I have 1 project under me and looks like we are ahead of time in this. We told client that the project will be completed in a month, and the developer completed it in 2 weeks. What should you do in this situation?
Start with a high-5 all around! :)
Meet with your customer. Let them know you think you've completed the feature and give them a demo. Ask them if it meets their acceptance criteria. My bet is the customer will have some tweaks or changes now that they have seen it. By circling back to them right away, you've got a chance these changes can be made without impacting the customer's final delivery date.
Frequent communication with the customer will ensure you are going in the right direction and allow for changes as reality intercedes.
And if you really are done, then celebrate. Success is something to be recognized.
I'd echo Joel's answer about checking with customer and also simpixleated's about polishing.
A few other thoughts though, on the lines of "are you sure you're finished":
You have a month project, developed in 2 weeks. Is there any plan for testing the software that has been developed? Either from a functionality point of view or other less visible aspects e.g. performance under load, security, usability, accessibility etc.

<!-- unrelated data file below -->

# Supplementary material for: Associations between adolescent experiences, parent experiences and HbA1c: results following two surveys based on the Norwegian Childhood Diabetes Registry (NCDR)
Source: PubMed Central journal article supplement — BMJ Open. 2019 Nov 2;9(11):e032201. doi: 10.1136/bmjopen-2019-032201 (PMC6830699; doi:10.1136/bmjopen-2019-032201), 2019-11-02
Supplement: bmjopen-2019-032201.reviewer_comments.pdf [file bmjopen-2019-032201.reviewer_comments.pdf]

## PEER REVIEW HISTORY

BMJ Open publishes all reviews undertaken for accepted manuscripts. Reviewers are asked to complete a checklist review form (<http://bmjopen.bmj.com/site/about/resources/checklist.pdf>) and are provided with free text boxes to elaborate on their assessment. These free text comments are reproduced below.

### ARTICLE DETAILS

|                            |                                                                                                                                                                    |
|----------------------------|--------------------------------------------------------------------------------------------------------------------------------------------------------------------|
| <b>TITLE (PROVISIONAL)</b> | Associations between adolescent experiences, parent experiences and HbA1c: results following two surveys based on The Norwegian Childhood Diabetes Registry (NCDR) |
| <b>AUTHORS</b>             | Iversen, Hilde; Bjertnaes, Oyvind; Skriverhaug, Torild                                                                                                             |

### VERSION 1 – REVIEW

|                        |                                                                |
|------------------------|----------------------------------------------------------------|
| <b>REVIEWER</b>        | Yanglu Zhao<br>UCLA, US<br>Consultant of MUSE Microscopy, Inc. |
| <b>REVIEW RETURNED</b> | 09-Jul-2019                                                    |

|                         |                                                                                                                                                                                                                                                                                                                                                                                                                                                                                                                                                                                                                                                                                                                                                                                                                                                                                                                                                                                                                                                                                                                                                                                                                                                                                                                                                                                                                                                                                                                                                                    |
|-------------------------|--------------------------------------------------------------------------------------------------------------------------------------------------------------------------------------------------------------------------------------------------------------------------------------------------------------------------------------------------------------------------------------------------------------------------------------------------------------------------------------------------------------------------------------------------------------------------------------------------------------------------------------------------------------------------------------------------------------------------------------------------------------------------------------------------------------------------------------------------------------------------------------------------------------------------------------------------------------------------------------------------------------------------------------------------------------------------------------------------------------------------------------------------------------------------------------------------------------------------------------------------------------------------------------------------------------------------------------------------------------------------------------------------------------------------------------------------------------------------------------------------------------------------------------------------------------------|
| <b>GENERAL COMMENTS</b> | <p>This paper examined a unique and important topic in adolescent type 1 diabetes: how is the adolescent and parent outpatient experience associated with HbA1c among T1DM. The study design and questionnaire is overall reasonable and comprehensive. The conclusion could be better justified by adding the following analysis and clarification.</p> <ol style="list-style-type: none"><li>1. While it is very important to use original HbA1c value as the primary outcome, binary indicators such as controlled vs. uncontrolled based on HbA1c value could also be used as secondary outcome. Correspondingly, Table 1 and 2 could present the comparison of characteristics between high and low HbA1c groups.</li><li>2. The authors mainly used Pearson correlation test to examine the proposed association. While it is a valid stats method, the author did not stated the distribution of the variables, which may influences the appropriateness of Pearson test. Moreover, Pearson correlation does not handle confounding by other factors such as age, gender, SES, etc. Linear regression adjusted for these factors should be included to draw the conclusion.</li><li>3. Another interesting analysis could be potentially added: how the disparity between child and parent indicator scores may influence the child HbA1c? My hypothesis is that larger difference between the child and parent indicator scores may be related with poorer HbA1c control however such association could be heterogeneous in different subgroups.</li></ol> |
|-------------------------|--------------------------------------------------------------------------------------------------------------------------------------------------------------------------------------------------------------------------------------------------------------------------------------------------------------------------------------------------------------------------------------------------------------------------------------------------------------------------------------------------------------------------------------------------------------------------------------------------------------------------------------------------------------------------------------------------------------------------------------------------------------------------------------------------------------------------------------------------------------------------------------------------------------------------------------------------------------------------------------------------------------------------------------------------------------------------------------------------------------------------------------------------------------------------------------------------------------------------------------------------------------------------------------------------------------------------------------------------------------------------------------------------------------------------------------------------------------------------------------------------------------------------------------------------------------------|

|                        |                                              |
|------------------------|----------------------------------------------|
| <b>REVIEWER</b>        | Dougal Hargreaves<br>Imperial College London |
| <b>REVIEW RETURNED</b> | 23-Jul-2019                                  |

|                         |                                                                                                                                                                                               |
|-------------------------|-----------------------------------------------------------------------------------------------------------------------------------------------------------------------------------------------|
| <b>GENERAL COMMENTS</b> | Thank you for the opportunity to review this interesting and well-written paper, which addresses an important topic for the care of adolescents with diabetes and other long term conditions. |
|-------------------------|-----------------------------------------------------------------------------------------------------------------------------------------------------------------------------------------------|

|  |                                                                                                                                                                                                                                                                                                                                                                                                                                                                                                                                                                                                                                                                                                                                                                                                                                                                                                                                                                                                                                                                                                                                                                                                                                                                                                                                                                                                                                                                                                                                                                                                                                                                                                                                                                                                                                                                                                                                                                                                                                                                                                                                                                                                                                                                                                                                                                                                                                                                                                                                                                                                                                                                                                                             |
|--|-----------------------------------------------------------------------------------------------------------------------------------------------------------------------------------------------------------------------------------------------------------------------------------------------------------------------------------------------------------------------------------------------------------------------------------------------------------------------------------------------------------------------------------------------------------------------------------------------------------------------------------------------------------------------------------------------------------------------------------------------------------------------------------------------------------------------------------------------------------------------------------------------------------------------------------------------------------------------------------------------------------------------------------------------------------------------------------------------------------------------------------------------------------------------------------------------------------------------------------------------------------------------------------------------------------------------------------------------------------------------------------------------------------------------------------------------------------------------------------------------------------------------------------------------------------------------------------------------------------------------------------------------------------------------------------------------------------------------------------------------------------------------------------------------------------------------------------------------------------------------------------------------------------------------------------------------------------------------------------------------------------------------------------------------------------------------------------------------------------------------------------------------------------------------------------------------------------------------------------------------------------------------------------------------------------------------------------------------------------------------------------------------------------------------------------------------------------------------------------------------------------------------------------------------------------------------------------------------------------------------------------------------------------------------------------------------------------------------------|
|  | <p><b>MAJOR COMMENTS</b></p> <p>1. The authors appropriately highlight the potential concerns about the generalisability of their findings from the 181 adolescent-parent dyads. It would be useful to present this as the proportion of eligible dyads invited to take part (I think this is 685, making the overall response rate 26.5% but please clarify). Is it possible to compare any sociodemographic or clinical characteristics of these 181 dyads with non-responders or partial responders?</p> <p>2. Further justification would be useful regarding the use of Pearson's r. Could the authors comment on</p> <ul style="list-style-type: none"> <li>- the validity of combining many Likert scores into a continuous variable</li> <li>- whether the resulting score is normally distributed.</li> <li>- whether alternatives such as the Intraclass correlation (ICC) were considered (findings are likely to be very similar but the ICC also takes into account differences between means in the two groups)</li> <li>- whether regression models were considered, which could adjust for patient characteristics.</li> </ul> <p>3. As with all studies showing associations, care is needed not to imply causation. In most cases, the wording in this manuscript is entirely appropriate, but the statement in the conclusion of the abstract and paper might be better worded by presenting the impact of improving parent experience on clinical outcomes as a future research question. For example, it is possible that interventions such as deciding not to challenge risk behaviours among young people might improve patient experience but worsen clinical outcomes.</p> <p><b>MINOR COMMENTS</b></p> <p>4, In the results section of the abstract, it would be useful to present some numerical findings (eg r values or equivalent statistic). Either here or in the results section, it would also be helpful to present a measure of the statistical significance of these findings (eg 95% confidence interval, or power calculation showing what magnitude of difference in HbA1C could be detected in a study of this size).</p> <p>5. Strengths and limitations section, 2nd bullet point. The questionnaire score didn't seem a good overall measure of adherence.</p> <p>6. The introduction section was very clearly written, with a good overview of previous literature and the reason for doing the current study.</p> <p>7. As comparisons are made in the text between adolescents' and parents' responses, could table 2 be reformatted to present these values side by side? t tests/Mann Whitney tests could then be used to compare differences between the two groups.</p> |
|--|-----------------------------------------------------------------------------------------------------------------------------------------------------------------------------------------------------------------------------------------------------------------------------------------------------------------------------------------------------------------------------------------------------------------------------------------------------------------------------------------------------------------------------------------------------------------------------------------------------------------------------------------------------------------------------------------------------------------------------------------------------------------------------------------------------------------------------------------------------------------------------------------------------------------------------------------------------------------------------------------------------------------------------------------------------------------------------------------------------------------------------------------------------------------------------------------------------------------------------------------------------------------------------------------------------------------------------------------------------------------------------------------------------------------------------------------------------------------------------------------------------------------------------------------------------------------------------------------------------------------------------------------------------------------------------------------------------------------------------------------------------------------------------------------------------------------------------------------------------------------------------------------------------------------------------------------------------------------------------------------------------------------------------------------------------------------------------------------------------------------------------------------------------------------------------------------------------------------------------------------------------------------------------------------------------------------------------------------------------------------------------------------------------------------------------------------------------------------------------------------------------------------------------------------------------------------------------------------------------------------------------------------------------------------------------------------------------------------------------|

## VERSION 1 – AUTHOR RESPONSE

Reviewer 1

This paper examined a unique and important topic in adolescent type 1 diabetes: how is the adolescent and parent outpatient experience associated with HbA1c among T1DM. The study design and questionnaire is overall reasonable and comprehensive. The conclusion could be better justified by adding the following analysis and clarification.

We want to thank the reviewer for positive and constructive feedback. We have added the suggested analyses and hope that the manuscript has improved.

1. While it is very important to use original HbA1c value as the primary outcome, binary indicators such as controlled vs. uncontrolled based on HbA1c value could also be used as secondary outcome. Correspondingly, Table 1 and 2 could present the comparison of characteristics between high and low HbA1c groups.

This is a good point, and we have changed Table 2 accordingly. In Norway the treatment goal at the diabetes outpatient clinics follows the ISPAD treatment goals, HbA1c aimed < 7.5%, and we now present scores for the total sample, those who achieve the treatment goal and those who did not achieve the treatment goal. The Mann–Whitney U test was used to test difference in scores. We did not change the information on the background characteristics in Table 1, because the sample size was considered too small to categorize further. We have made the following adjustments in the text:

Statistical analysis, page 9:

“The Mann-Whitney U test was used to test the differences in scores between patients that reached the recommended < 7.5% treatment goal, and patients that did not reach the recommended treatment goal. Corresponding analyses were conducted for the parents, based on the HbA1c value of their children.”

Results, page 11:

Is the deployment method understood and tested? If it is software to run on the client's PC has it been installed and tested on PCs other than the developers to prove there are no unknown dependencies?
Is user acceptance testing or usability testing planned - this can flush out unexpected needs or problems.
I find depending on the client items such as above can be greater effort than the actual development
No offense, but it looks like something too good to be true! Did you clearly understand what your clients asked? Did you miss a part of it? Sorry to be a skeptic, but usually you have much more work than you can handle. Unless you planned wrongly at the beginning. I would call your clients as soon as possible to validate with them if what you did corresponds to what they asked. If it is yes, congratulations! But do not expect to leave something like that every time.
Polish, refine, and deliver something beyond your own expectations and standards of quality. You could easily spend another week or two testing and improving (without adding unrequested features) every little detail and still deliver it ahead of time. For example, testing on additional platforms/browsers, fixing bugs that may have been acceptable before, running through additional validation tools, etc.
Congratulations! And pass it along to the team. Specifically, take the team out for a celebration; food and/or activity. if possible, consider giving them a bonus.
Do not pretend the project is not over - that's a sure-fire way to demoralize the team.
Unless there's a good reason not to, inform the customer that you are ready to deliver - and make a big deal about the early delivery. After all, you want the team to repeat this feat.
Do not start adding features, no matter how trivial. If it's tested and approved then ship it. Adding even the smallest feature could cause major delays; if it aint broke, don't fix it.
Do not squeeze the next schedule on the assumption that you have a Super Team. That's equivalent to punishing them for doing a great job.